This is one of them. It was reported back in 2006 and the Boston Globe still has the links working. If you want to know how change the outcome, learn what contributed to all the suffering in the first place. Then help them heal!
The war after the war
By Thomas Farragher, Globe Staff
October 29, 2006
The squad mates paused for a snapshot before their patrol on the night of the roadside bomb attack in Baghdad. From left to right: Jeremy Regnier, Dustin Jolly, and Andy Wilson.
They were an Army of Three — fun-loving, young, courageous, afraid. And when the bomb went off outside Baghdad, killing New Hampshire's Jeremy Regnier, the survivors of the squad found their lives upended. What they suffer has a name — post-traumatic stress — but a label can't describe it. This is a story of a death and its descendants.
It was circled on his calendar, a day he'd looked forward to for months. But as Andy Wilson stood on the wind-swept airfield and the chartered plane glided out of a leaden Texas sky, he was anything but upbeat.
An unsettling cocktail of emotions swirled inside. The balloons and marching bands, the confetti and welcome-home banners were not for him, though they could have been. Should have been.
As a noncommissioned officer, Wilson had sworn to stick by the men he led in combat, no matter what. And to bring them all home.
But after that night in Baghdad when the bomb went off and his friend and comrade slumped against his shoulder, Wilson's war was over.
He left Iraq on leave in late 2004, his mind and spirit broken, and never returned. Doctor's orders. "It gnaws at me," he said.
Three months later, as the troops he served with stepped off the plane at Fort Hood after a year at war, the emotional torque of it all bore down on him again.
The grapevine had carried the whispers from the war zone: Wilson's lost it. Wilson's a coward. And when some of the returning officers refused his outstretched hand or grabbed it limply with looks of disappointment or disdain, he knew who the whisperers were.
But for now, it didn't matter.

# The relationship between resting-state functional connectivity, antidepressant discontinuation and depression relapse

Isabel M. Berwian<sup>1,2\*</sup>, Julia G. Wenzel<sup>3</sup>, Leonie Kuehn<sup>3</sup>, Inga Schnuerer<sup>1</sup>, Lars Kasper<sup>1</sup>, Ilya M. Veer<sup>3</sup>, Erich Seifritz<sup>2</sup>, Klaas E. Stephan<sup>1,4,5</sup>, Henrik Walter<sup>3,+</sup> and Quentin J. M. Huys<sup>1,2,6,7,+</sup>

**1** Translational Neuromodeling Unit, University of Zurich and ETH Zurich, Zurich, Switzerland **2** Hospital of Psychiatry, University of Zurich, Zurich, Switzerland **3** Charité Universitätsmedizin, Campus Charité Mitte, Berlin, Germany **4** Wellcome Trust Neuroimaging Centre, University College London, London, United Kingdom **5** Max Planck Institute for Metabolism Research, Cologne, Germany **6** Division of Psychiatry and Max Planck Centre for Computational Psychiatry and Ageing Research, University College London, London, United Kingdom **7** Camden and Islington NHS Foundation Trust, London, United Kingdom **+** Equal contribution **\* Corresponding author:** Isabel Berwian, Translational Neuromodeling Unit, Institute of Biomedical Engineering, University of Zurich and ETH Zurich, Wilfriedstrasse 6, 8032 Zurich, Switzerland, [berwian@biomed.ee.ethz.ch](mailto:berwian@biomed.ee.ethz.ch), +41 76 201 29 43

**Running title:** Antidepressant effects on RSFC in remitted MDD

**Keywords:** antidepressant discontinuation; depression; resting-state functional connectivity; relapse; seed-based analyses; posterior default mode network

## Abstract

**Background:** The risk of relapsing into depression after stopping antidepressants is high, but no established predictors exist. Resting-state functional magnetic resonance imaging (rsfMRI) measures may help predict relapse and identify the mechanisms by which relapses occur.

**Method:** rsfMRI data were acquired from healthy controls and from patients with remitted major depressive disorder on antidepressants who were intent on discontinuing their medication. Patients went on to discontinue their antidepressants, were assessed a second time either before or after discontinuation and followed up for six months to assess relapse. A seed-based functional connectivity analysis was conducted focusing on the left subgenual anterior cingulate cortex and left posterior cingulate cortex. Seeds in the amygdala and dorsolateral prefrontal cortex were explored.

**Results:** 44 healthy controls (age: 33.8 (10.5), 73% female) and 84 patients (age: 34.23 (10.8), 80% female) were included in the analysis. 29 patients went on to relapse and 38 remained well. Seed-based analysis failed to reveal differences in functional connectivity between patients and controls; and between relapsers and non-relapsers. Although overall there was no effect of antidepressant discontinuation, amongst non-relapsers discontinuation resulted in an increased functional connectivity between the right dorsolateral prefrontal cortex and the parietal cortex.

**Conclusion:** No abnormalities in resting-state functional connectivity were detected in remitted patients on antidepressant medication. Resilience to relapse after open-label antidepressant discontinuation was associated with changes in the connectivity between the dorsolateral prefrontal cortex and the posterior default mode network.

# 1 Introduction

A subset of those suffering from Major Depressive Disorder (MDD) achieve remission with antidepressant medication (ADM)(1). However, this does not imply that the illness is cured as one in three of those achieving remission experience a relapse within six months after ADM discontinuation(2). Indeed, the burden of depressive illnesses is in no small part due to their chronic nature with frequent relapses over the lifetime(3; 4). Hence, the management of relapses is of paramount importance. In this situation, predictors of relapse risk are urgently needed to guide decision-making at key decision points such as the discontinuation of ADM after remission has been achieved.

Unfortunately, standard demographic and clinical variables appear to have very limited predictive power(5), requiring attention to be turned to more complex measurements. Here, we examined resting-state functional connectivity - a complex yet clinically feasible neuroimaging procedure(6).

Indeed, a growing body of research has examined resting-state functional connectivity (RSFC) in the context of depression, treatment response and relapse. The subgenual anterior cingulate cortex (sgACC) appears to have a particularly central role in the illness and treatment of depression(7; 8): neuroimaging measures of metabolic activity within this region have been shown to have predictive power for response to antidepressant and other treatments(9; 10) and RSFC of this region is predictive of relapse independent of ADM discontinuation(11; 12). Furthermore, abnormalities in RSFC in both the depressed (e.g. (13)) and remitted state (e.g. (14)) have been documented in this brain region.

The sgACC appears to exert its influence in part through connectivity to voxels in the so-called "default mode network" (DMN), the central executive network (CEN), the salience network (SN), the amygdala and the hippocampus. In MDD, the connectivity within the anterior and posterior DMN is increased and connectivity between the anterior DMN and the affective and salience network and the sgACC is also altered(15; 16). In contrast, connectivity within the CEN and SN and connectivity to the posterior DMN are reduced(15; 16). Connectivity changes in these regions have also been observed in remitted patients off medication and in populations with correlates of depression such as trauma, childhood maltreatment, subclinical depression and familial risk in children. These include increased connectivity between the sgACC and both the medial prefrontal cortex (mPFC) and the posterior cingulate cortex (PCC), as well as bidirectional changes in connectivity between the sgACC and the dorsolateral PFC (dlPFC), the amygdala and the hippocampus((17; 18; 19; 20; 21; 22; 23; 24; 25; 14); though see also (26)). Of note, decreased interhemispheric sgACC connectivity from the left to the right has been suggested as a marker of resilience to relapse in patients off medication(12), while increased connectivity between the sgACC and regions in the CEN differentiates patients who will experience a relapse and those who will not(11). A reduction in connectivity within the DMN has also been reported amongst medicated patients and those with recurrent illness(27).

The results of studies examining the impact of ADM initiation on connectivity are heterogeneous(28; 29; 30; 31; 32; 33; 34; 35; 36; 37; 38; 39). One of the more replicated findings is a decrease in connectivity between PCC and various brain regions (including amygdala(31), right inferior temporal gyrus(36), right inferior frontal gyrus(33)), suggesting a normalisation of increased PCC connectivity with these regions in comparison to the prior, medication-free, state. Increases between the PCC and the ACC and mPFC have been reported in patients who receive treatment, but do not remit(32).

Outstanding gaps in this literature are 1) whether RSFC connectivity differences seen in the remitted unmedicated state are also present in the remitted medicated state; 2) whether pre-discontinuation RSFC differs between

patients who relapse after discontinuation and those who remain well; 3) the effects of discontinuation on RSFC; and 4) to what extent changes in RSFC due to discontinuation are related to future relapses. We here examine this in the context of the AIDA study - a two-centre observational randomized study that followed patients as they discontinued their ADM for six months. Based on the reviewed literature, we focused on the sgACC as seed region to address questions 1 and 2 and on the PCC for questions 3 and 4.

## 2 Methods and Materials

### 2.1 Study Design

As the troops lined up to return their weapons, their gas masks and the other gadgetry of warfare, Wilson searched the crowd for a single face.
Dustin Jolly was the only other soldier who really knew what happened that night in October 2004 when Jeremy Regnier, the cocksure gunner from Littleton, N.H., died.
Like Wilson, Jolly had felt the blast and seen the unspeakable injury -- and knew how easily that memory reel could unspool.
But unlike Wilson, who sought help and went home, he had bottled up his demons and gone back out on patrol.
And so as Jolly -- near the front of the line -- stepped into view, the reunion sequence was anything but certain. Wilson held his breath.
"I saw him," Wilson said, "and once he gave me that dumb-ass Jolly look, I knew he was OK."
The men hugged and smiled and shook hands. They made promises to drink beer and catch up.
"It made me feel good," Wilson said. "It made me feel proud. It made me still feel loved, I guess."
In the months to come, what the two men shared, the darkness and the love, would come to mean everything.
The war after the war had begun.
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It is a condition with an off-putting, antiseptic name -- post-traumatic stress disorder. It is as old as warfare and as new as yesterday's casualty list. Yet, remarkably little is known of why it afflicts some and exempts others, why its symptoms can be so insidious and so adamant.
Wilson only knew what he felt -- possessed, immobilized, ashamed. He had left Iraq early, and he believed his superiors now considered him damaged goods. The soldier who ran when others stayed. The commander who swapped places with Regnier minutes before the bomb tore him apart.
"I take nothing away from anybody who has lost limbs -- nothing at all because they deserve more than just a Purple Heart," Wilson would later explain. "Maybe they should come up with something for us crazy guys. I don't know. But we have wounds that we're going to carry with us for the rest of our lives. I sit alone in my house sometimes and I cry like a big baby because of what happened."read more from Nothing's Wrong With You
PART ONE: The war after the war
PHOTO GALLERY: "Welcome to Hell"
PART TWO: 'Nothing's wrong with you'
PHOTO GALLERY: "I should have died."
PART THREE: A 'select club' struggles on
AUDIO SLIDESHOW: Isolation, withdrawl, and hope
PHOTO GALLERY: "A penny for your thoughts"
PART FOUR: 'I need to blaze my own trail'
AUDIO SLIDESHOW: In uniform, a sense of family
PHOTO GALLERY: "The consolation prize"